"Stable carbon and nitrogen isotopes of human dental calculus: a potentially new non-destructive proxy for paleodietary analysis":
ScienceDirect.com - Journal of Archaeological Science - Stable carbon and nitrogen isotopes of human dental calculus: a potentially new non-destructive proxy for paleodietary analysisAbstract
Fifty-eight dental calculus samples from medieval and post-medieval skeletons from Vitoria, Spain, and a single sample from an Alaskan Inuit were tested for stable carbon and nitrogen isotope compositions. There was sufficient carbon and nitrogen concentrations to obtain δ13C and δ15N values, and the samples from Spain produced results that were replicable and comparable to European isotope values based on bone collagen collected from literature sources. The Alaskan Inuit calculus sample yielded a δ15N value of +17.5‰, well beyond the range of the Spanish samples, but consistent with literature data for modern Greenlandic Inuit consuming a diet rich in marine food. There are several potential sources for carbon and nitrogen in calculus. The results of this study yield stable isotope values consistent with those obtained from other biomaterials used as isotope proxies for paleodietary research, including bone collagen, hair, and fingernails, although further work is necessary to verify the fidelity of calculus as an isotope proxy. Many studies in bioarchaeology are precluded by curatorial concerns regarding the destructive analysis of primary biomaterials. However, calculus is an “add-on”, or secondary biomaterial, that is not an integral part of the dental or skeletal system. Hence, its consumption during analysis is technically not destructive. Therefore, isotope analysis of dental calculus may provide a potential new avenue for paleodietary analysis where the use of other primary biomaterials is precluded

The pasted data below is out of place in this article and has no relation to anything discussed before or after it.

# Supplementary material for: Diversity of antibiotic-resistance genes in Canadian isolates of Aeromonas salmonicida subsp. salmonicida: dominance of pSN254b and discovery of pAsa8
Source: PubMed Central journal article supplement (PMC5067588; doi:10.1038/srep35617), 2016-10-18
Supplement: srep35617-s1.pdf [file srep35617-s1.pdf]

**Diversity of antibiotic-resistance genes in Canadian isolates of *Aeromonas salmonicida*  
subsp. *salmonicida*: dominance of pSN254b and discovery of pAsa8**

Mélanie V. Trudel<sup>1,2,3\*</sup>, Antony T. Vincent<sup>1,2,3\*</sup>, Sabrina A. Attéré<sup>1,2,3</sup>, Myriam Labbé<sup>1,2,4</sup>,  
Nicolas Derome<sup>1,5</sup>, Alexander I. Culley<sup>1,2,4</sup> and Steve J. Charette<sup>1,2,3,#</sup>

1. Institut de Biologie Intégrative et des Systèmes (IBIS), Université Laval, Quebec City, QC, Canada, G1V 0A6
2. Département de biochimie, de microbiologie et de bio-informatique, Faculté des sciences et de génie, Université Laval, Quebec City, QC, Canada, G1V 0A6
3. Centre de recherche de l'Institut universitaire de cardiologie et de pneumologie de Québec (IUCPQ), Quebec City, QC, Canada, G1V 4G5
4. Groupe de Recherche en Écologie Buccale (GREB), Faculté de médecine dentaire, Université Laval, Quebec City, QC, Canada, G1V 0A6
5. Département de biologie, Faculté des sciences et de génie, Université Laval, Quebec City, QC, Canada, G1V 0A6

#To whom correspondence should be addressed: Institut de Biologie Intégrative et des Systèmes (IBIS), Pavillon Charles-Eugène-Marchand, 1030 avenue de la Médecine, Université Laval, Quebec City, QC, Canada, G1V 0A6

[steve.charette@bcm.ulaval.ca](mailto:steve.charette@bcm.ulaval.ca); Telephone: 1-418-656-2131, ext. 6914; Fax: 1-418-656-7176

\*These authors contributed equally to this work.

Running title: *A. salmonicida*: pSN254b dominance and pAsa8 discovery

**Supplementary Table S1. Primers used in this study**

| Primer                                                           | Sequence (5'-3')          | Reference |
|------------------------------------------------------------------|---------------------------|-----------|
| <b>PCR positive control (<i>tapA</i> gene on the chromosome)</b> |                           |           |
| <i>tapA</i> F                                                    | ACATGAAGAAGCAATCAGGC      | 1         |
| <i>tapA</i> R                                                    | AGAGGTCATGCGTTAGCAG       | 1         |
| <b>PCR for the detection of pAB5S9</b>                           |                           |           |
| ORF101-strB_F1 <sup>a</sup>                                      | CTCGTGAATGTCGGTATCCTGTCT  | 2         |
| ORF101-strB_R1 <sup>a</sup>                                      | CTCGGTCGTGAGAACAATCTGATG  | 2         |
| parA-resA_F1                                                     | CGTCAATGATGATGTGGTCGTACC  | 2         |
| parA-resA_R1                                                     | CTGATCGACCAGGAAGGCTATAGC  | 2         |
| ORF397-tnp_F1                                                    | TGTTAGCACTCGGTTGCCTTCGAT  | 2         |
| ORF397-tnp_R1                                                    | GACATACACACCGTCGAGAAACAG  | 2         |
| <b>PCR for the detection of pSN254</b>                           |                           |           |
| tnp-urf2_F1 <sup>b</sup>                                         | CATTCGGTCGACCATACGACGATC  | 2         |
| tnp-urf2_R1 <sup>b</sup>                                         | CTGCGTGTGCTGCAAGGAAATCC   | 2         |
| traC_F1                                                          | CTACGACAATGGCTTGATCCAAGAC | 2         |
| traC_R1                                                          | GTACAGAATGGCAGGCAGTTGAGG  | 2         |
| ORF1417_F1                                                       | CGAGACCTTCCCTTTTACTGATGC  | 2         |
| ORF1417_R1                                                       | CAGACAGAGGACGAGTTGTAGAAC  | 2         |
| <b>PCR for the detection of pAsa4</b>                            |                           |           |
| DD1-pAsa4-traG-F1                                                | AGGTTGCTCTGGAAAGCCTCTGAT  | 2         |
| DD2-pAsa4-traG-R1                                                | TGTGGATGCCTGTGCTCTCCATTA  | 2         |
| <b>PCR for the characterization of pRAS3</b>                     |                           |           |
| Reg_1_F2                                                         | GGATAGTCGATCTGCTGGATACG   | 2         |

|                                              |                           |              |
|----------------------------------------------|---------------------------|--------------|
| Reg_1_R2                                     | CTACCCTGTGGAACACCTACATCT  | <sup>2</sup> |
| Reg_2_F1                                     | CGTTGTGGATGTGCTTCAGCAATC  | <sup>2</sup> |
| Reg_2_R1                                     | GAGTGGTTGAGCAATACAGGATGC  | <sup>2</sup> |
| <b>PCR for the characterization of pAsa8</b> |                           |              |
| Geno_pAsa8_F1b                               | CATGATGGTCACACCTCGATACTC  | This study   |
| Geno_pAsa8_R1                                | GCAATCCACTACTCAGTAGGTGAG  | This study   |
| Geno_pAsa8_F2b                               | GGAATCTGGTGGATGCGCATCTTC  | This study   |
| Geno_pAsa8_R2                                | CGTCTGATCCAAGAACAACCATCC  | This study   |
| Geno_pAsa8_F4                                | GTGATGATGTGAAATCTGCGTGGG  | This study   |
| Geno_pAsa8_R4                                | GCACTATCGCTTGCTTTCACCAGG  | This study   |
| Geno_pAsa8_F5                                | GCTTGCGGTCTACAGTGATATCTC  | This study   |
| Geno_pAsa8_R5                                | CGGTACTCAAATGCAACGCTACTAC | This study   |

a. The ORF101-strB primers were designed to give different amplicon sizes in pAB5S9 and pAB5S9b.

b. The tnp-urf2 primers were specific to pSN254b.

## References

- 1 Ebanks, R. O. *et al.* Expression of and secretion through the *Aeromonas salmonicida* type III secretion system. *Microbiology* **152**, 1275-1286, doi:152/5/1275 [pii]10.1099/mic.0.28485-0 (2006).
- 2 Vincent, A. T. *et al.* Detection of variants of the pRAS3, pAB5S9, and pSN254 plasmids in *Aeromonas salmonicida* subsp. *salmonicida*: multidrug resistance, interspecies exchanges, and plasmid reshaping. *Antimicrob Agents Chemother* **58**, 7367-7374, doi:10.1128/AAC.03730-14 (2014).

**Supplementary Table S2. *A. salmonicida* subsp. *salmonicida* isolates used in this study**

Also, isn't this interesting?
A regional investigation of subadult dietary patterns and health in late Iron Age and Roman Dorset, England
This is the first regional analysis of the impact of Romanisation on subadult dietary patterns and related health parameters in Britain. A sample of 200 subadults from late Iron Age (LIA) and Romano-British (RB) Dorset were examined for dental health and specific metabolic diseases, and a sub-sample of 29 individuals were selected for nitrogen and carbon isotope analysis. The results showed that dental health declined in the Romano-British period and the incidence of scurvy and rickets rose. Increased consumption of marine foods in the RB period is indicated by an increase in δ13C between the LIA and RB subadults. After early childhood, there was no age-dependent variation in dietary protein in the RB and LIA populations from Dorset. We propose that these changes related to the introduction of urban living, Romanised diets and population migration.
It sounds like the "Romanised diet" may have been something of the Iron Age equivalent of what Weston Price called "the displacing foods of modern commerce" in the 19th and 20th centuries. Empire bringing worse nutrition in its wake.
Maybe Monty Python had it wrong and the answer to "What did the Romans do for us?" should be the less positive answer: "Rot our teeth and cause scurvy and rickets."